-Parity has been the big psychological ‘line in the sand’ for several years now. -The breakdown below 0.95/97 in March 2013 was a major development. We saw broken support become resistance on the pullback late last year, and it’s been downhill since then. -In the short-term, a break of the ‘A-B’ trend line could project a rally back to resistance at $.95/97. (Also, it’s not clear on the chart above, but a bullish inverse head and shoulders pattern has formed since the start of the year.) -Any decline below .87 on a weekly closing basis would bring .80 into play. -I expect the long-term trend to eventually reassert itself, for a decline to support at 0.80.
/wp-content/uploads/2018/03/logo.png00Stockradar/wp-content/uploads/2018/03/logo.pngStockradar2014-03-25 04:33:102014-03-25 04:33:10What you need to know about the technical picture for AUD/USD……
I have to laugh. The media has been all over the “Chinese slowdown” story like it’s a new thing.
This is not a new story. It’s been going on for years – the Chinese stock market has been crashing since 2008. Calling a bottom on my “Eiffel Tower” (remember the tech crash in 2001?) would be a mugs game, but we are certainly getting closer to one……..
Pure price analysis from The Technician (aka Richard Lie) versus The Fundamentalist (aka ‘The News). Because everyone likes a good argument…
The Fundamentalist: Nuclear power became ‘Enemy Number One’ in March 2011, when the Japanese tsunami caused the Fukushima nuclear power plant to melt down, and widespread environmental damage. Uranium stocks – the fuel for Nuclear energy – were hit hard while governments considered their options: Germany announced they would close all nuclear plants by 2022; while China, which is the world’s biggest growth market for nuclear energy, made statements about a more balanced energy program in the future.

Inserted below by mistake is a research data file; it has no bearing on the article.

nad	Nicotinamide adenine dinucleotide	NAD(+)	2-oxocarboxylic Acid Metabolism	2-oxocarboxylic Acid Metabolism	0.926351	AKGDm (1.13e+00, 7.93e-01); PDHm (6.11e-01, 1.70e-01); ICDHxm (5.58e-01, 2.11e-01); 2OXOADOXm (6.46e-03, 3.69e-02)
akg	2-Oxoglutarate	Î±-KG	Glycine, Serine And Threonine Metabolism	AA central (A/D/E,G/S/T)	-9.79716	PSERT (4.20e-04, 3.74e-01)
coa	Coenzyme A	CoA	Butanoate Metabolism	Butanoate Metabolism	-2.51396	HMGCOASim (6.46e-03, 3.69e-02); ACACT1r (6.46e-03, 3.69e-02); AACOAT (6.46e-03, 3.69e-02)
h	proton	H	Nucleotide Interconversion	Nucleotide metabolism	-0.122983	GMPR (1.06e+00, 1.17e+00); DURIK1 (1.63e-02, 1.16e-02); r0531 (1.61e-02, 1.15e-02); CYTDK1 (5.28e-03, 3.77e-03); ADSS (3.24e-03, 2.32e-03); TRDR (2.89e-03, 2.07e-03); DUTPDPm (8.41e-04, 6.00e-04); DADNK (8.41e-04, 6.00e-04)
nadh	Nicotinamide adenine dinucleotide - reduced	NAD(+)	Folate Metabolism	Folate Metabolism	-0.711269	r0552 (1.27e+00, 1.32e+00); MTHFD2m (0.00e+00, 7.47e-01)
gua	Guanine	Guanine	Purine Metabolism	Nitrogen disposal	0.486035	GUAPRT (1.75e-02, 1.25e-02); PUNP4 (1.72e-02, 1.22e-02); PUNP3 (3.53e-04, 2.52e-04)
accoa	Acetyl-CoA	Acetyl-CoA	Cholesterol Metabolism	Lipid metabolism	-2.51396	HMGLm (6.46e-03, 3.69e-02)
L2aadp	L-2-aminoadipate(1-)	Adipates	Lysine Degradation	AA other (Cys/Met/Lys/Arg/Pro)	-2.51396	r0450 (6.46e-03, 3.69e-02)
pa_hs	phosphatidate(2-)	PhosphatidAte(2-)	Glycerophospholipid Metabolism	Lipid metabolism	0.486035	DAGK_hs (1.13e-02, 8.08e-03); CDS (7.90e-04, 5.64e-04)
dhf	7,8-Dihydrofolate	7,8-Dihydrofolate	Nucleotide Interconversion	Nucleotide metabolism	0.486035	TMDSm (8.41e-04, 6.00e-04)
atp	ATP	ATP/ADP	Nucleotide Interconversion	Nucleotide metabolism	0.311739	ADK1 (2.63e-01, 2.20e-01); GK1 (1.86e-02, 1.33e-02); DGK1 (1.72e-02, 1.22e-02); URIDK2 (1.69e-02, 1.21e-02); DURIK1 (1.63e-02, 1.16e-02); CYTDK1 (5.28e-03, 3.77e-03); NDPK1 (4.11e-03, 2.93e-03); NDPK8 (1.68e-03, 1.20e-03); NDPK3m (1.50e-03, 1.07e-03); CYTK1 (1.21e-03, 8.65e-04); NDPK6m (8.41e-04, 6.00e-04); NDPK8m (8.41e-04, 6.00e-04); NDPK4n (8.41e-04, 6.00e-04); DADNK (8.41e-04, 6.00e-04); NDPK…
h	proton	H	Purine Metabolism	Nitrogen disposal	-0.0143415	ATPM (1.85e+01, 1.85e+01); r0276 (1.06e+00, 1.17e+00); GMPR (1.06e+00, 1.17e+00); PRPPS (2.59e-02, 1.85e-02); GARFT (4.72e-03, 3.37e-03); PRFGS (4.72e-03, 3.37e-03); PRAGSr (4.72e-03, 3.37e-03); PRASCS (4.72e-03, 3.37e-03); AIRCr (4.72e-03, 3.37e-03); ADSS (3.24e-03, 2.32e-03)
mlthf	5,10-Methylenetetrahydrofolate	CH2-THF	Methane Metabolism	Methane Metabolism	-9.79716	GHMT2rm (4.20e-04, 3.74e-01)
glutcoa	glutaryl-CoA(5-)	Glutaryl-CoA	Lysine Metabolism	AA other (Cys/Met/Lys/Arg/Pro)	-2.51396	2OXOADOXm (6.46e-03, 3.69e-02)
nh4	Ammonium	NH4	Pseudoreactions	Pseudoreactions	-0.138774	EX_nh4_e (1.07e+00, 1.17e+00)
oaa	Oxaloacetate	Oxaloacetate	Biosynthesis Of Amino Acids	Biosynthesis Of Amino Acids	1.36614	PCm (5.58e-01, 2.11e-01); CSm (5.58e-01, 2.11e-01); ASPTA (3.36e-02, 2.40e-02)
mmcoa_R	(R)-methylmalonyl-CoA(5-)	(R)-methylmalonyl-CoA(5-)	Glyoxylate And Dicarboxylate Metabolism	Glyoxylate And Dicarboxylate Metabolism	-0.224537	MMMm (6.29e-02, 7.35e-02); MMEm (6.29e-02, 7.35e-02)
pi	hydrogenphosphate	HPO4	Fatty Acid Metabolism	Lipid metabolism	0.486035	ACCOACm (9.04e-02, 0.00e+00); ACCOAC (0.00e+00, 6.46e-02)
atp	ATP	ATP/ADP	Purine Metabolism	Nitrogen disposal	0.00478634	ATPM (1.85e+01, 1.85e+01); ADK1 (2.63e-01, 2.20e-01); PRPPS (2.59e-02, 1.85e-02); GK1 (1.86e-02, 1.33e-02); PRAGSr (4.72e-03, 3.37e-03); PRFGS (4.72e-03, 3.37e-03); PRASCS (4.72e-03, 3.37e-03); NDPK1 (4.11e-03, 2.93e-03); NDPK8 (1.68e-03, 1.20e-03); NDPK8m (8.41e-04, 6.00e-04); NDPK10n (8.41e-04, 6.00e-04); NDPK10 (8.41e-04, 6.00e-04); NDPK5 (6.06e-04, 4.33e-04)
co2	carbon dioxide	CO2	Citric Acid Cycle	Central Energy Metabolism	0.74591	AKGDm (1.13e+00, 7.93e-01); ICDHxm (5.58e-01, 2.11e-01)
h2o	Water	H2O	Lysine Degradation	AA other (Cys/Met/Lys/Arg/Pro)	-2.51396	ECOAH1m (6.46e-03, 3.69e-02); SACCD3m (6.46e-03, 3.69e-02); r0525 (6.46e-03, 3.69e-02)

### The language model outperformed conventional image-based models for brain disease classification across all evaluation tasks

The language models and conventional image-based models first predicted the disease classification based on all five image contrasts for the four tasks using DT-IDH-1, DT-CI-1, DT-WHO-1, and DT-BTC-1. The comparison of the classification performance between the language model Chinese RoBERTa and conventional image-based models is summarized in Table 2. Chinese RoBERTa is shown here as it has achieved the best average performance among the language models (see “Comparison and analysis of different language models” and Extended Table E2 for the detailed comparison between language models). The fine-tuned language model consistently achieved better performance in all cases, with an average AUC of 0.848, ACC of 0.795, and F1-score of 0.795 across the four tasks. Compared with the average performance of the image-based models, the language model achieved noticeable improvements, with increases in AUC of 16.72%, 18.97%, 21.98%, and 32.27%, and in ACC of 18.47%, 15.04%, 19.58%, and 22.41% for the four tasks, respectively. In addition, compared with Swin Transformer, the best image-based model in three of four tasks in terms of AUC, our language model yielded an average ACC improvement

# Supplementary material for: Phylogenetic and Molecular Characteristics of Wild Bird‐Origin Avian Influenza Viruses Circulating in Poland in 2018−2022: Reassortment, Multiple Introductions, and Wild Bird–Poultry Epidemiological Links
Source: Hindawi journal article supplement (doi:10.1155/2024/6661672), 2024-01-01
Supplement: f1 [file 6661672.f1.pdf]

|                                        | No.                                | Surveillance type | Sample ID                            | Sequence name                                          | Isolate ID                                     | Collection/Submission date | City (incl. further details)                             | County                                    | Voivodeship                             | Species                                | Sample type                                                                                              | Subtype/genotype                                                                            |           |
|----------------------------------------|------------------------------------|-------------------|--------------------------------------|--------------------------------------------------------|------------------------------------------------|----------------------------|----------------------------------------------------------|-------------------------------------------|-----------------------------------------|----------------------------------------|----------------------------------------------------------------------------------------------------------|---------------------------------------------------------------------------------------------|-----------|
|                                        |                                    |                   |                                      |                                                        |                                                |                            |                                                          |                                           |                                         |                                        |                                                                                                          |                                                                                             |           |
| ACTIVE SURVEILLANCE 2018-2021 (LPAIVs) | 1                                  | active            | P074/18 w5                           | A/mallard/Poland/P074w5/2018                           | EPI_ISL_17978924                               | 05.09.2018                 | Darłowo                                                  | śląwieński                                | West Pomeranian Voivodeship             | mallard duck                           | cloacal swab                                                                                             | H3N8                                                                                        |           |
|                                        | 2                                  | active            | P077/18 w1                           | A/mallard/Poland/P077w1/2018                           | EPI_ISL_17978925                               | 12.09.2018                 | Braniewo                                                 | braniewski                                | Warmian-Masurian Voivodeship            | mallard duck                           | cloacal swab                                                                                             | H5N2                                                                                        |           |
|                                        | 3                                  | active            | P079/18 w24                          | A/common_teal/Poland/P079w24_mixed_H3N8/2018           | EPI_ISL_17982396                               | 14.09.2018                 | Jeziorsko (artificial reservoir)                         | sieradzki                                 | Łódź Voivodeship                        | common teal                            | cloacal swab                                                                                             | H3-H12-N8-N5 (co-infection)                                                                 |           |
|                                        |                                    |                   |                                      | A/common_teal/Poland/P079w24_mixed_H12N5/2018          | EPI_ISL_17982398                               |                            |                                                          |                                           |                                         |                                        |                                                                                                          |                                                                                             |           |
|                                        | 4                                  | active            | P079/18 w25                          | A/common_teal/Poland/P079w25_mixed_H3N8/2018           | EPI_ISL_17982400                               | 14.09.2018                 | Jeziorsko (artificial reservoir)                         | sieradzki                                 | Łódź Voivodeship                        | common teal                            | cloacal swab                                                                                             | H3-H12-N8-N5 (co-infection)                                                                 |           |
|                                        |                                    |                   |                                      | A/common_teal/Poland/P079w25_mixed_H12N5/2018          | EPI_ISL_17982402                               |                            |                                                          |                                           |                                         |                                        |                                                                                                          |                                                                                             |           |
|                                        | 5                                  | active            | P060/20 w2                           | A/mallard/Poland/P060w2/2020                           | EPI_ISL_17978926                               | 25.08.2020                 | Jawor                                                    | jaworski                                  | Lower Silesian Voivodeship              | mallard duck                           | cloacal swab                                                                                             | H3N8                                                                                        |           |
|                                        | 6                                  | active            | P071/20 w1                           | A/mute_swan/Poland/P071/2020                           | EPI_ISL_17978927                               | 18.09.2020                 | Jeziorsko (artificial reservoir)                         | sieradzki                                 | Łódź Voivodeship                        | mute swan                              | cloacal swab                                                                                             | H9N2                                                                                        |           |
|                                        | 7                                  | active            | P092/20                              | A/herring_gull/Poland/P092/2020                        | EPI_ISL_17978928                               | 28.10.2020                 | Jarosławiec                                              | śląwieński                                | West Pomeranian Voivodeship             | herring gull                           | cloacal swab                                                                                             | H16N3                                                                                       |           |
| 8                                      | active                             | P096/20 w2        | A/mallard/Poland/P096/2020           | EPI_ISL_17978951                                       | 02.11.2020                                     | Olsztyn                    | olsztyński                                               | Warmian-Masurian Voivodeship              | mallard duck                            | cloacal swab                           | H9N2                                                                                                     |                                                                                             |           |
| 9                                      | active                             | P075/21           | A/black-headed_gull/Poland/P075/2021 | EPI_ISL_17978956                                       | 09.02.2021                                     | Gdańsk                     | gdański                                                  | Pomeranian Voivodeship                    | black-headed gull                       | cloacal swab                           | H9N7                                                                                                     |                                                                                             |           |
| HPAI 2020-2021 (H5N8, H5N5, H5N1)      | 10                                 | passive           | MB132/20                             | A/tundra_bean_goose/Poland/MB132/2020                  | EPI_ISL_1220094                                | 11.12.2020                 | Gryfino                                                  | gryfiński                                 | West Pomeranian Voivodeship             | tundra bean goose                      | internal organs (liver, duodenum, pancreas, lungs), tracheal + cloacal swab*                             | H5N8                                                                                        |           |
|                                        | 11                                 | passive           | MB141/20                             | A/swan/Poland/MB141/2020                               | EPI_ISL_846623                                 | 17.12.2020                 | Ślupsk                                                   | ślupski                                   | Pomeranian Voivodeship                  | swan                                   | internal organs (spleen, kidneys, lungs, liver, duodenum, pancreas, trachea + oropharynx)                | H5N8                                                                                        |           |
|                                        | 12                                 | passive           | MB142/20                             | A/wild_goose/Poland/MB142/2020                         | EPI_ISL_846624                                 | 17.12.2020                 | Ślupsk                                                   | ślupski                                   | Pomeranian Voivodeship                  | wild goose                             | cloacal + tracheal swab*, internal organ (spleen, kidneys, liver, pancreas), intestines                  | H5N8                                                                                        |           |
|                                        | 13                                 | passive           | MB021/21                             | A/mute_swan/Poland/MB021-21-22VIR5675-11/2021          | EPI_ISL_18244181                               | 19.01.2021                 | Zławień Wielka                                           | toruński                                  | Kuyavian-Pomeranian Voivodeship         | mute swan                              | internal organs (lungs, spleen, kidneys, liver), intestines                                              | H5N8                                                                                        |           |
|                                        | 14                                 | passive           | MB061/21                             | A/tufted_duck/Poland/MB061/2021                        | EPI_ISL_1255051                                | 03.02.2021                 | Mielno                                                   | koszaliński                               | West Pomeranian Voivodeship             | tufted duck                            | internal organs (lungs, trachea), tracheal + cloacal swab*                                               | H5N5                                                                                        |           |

It was the perfect storm for Australia’s biggest uranium miner, Paladin Energy- the stock price went into free-fall, dropping from a high of $5.50 in early 2011, to around $0.50 cents today. The company has had three years of consecutive losses, and is currently selling its uranium for around $38 per pound, which analysts say isn’t enough to be profitable, or to repay its $300m worth of debt that matures in 16 months.
Paladin has responded with a preliminary deal to sell a 25% stake in its flagship Langer Heinrich mine in Namibia, for around $200m, which will free up some much-needed cash. It will also close its high-cost Kayelekera mine in Malawi.
Two weeks ago, and rather fortuitously, the Japanese government declared that nuclear power would be an “important base load energy source” for the nation in the future – with almost 50 nuclear power stations idled since Fukushima, any kind of restart in Japan would help lift demand and therefore uranium prices. Paladin’s share price rose almost 20% on the day of the news, which you can see in late February on the chart.